One of the consequences of climate change and rising global temperatures is that sea levels around the world are rising. At the same time, some parts of the coast are subsiding. Average global sea level has been rising over recent decades at a rate of approximately 3.4 millimetres per year.
Though the effects of this sea level rise along the coast are gradual, they are highly significant over the long term. Increases in sea level cause greater erosion of dunes and loss of beaches, increasing shoreline erosion at many locations.
Sea level rise will also be likely to change the angle at which waves strike the shore, leading to changes in rates of littoral sand drift and consequently, changes in the locations at which beaches build up or erode.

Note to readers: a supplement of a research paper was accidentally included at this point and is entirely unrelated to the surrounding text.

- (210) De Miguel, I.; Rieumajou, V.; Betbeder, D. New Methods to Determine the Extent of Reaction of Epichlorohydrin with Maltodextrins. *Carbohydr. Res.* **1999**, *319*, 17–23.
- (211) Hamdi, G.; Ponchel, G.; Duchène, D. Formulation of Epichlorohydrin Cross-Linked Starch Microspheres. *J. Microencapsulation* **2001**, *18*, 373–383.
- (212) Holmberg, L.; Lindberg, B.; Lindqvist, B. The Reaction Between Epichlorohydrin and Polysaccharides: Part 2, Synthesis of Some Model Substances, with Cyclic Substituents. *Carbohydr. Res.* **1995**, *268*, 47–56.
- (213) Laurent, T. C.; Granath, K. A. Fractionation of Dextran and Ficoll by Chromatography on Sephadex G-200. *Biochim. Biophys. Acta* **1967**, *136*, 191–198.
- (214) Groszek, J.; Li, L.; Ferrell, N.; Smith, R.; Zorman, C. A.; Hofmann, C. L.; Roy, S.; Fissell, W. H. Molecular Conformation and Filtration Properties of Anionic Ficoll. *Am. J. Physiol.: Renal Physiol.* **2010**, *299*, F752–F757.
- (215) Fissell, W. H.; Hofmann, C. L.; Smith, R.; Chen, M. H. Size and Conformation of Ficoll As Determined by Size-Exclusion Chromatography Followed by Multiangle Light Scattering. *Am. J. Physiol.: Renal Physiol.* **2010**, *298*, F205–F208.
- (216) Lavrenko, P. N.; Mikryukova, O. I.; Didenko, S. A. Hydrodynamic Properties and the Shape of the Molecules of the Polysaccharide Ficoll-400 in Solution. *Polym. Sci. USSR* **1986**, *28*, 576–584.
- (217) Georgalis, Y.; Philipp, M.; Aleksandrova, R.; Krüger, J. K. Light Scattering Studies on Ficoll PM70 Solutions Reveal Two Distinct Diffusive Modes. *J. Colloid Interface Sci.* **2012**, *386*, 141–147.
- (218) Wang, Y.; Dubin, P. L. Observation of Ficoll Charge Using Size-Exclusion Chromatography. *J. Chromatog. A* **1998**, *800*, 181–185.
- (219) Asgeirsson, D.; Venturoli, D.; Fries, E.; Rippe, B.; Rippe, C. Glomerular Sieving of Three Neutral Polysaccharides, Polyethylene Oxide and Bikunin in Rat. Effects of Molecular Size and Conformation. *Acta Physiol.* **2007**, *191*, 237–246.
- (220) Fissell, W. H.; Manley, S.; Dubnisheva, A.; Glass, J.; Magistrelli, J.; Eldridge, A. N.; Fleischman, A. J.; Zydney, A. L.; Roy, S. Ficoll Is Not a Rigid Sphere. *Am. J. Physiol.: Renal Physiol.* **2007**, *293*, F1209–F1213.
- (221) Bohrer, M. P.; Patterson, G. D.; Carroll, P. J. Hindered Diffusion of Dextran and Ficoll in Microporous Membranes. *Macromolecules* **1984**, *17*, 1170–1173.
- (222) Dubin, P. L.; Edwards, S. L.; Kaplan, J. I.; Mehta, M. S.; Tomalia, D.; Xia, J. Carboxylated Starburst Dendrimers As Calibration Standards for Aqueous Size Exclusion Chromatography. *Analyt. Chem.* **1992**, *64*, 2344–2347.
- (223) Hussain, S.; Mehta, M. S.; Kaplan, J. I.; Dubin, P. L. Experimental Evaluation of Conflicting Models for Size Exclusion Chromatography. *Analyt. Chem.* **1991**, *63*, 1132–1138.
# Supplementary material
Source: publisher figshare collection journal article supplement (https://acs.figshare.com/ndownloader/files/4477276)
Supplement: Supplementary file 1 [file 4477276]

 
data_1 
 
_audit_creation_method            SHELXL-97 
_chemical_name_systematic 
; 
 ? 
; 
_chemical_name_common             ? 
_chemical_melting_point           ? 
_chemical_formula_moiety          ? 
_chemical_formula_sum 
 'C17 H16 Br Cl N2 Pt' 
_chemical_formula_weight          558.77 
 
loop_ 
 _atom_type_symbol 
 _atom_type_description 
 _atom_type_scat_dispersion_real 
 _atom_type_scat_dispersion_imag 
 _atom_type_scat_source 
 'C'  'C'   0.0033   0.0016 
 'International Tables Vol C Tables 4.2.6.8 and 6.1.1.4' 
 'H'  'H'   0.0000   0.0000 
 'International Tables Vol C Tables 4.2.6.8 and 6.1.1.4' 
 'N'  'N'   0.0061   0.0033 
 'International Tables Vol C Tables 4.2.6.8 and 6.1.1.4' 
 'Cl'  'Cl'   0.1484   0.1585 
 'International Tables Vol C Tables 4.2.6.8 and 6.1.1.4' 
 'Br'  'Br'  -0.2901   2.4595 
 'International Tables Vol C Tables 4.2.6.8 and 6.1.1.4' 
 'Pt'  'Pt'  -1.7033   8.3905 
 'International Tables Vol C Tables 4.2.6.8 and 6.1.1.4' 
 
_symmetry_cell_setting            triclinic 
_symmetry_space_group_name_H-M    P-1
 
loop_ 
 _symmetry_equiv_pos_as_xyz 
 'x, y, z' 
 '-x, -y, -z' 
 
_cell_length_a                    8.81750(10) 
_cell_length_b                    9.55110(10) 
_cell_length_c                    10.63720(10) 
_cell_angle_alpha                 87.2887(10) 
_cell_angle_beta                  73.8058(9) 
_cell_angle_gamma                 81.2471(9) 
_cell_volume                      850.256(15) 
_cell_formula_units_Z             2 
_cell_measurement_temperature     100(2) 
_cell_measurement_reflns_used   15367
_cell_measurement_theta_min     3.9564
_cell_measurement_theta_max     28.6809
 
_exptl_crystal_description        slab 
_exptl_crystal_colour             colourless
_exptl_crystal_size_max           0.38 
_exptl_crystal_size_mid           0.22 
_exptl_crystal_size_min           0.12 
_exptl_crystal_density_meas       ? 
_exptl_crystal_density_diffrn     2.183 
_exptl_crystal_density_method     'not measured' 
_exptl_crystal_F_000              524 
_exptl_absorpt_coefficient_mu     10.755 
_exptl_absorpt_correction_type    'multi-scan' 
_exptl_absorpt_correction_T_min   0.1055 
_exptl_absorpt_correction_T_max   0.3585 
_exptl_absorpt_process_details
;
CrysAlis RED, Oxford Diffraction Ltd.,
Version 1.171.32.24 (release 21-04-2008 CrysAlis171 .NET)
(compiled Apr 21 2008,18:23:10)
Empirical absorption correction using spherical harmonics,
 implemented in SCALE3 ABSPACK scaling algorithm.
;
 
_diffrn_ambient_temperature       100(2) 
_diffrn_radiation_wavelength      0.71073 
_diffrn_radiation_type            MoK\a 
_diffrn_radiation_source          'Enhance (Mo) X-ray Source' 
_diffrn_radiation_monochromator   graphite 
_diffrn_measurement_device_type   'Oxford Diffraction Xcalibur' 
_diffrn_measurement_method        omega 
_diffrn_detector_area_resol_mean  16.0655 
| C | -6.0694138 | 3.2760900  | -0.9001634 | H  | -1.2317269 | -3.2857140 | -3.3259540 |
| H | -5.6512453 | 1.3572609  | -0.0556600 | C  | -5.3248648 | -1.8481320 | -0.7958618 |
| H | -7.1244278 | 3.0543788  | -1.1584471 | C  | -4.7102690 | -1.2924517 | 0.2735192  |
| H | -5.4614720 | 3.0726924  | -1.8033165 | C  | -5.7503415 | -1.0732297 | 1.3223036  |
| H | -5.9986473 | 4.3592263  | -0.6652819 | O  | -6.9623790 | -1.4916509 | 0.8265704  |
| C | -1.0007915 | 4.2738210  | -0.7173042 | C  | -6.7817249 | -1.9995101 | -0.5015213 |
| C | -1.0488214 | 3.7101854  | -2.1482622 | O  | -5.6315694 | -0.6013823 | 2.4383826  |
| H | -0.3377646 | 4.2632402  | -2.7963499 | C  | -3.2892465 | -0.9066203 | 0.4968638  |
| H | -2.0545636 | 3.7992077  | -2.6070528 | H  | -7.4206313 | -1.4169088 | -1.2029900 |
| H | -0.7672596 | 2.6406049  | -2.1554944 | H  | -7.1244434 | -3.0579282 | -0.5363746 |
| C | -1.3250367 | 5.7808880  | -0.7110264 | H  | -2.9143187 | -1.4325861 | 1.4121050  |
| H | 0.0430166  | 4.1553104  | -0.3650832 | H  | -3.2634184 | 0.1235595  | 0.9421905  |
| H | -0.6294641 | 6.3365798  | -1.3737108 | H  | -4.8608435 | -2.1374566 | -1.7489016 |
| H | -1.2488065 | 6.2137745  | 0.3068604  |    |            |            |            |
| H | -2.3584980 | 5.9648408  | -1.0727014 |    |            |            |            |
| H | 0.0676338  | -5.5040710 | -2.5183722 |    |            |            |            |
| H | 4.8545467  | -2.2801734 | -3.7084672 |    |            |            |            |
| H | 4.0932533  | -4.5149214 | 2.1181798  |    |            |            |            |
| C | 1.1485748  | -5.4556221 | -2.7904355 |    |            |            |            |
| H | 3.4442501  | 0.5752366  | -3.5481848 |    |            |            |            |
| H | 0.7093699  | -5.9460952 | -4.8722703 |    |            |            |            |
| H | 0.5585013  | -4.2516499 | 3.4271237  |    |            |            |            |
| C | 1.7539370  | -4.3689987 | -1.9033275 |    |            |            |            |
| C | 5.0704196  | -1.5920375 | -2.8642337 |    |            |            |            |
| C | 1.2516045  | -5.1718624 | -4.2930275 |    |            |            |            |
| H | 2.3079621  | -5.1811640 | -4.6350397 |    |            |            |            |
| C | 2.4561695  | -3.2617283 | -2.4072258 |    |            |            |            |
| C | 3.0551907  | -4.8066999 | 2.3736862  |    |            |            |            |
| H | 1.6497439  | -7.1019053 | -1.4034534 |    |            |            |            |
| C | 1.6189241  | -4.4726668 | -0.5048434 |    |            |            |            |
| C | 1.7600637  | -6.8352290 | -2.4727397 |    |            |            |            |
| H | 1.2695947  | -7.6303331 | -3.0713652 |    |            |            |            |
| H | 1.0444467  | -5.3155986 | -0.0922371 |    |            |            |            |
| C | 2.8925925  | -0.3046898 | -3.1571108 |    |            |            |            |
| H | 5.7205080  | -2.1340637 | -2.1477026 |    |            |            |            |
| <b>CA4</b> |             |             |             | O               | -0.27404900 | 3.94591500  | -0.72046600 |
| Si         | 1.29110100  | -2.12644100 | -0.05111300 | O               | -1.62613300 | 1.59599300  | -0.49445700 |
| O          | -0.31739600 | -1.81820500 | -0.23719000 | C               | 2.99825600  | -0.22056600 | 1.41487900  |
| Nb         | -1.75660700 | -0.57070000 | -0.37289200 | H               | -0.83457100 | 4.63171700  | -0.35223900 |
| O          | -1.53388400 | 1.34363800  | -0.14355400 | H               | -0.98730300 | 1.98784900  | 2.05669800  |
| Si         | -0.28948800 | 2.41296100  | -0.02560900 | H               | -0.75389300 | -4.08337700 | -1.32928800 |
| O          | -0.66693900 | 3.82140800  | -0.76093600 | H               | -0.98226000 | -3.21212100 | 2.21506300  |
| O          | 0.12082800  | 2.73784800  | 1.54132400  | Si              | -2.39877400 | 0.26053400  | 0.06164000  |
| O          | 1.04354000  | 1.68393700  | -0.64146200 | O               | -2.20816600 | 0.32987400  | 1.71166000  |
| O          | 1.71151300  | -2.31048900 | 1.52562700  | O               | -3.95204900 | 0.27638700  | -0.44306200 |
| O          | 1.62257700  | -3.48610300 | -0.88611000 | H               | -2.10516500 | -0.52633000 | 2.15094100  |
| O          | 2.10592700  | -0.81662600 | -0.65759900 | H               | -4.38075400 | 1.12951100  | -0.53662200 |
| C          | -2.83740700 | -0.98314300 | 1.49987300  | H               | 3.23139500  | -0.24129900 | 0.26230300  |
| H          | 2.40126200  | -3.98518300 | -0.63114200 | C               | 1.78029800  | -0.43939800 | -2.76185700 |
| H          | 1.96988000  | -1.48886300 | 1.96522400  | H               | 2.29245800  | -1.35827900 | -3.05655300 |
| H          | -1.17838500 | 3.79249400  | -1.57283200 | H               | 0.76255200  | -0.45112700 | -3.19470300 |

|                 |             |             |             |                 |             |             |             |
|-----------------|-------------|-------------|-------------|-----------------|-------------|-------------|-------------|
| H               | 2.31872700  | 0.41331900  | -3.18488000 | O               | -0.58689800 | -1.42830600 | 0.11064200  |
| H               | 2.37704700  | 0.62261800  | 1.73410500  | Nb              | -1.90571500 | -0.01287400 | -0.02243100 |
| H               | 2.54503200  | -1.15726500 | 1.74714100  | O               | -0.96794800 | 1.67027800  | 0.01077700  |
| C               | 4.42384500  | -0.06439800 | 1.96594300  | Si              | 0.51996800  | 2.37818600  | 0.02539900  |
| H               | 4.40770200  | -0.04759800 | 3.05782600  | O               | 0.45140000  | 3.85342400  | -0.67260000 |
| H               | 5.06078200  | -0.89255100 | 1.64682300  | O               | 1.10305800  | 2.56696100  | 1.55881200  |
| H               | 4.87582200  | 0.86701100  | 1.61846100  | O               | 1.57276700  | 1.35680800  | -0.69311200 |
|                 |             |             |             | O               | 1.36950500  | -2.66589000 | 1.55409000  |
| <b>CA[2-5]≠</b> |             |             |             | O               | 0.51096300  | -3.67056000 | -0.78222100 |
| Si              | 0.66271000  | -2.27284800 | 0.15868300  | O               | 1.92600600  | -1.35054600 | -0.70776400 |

Sea level rise will also affect both the size of areas flooded and increase the frequency of widespread flooding. This will not only have impacts on infrastructure and development, but also the location and species mix of coastal ecosystems and habitats.
Under natural conditions, as the sea level rises, species would naturally start to retreat landward to more suitable conditions. Unfortunately, in some locations development would prevent this natural retreat and changes in species composition or at worst, species or habitat loss may start to occur.
Development will also be at risk due to changes in sea level. The need to allow for sea level rise in coastal developments has been acknowledged worldwide.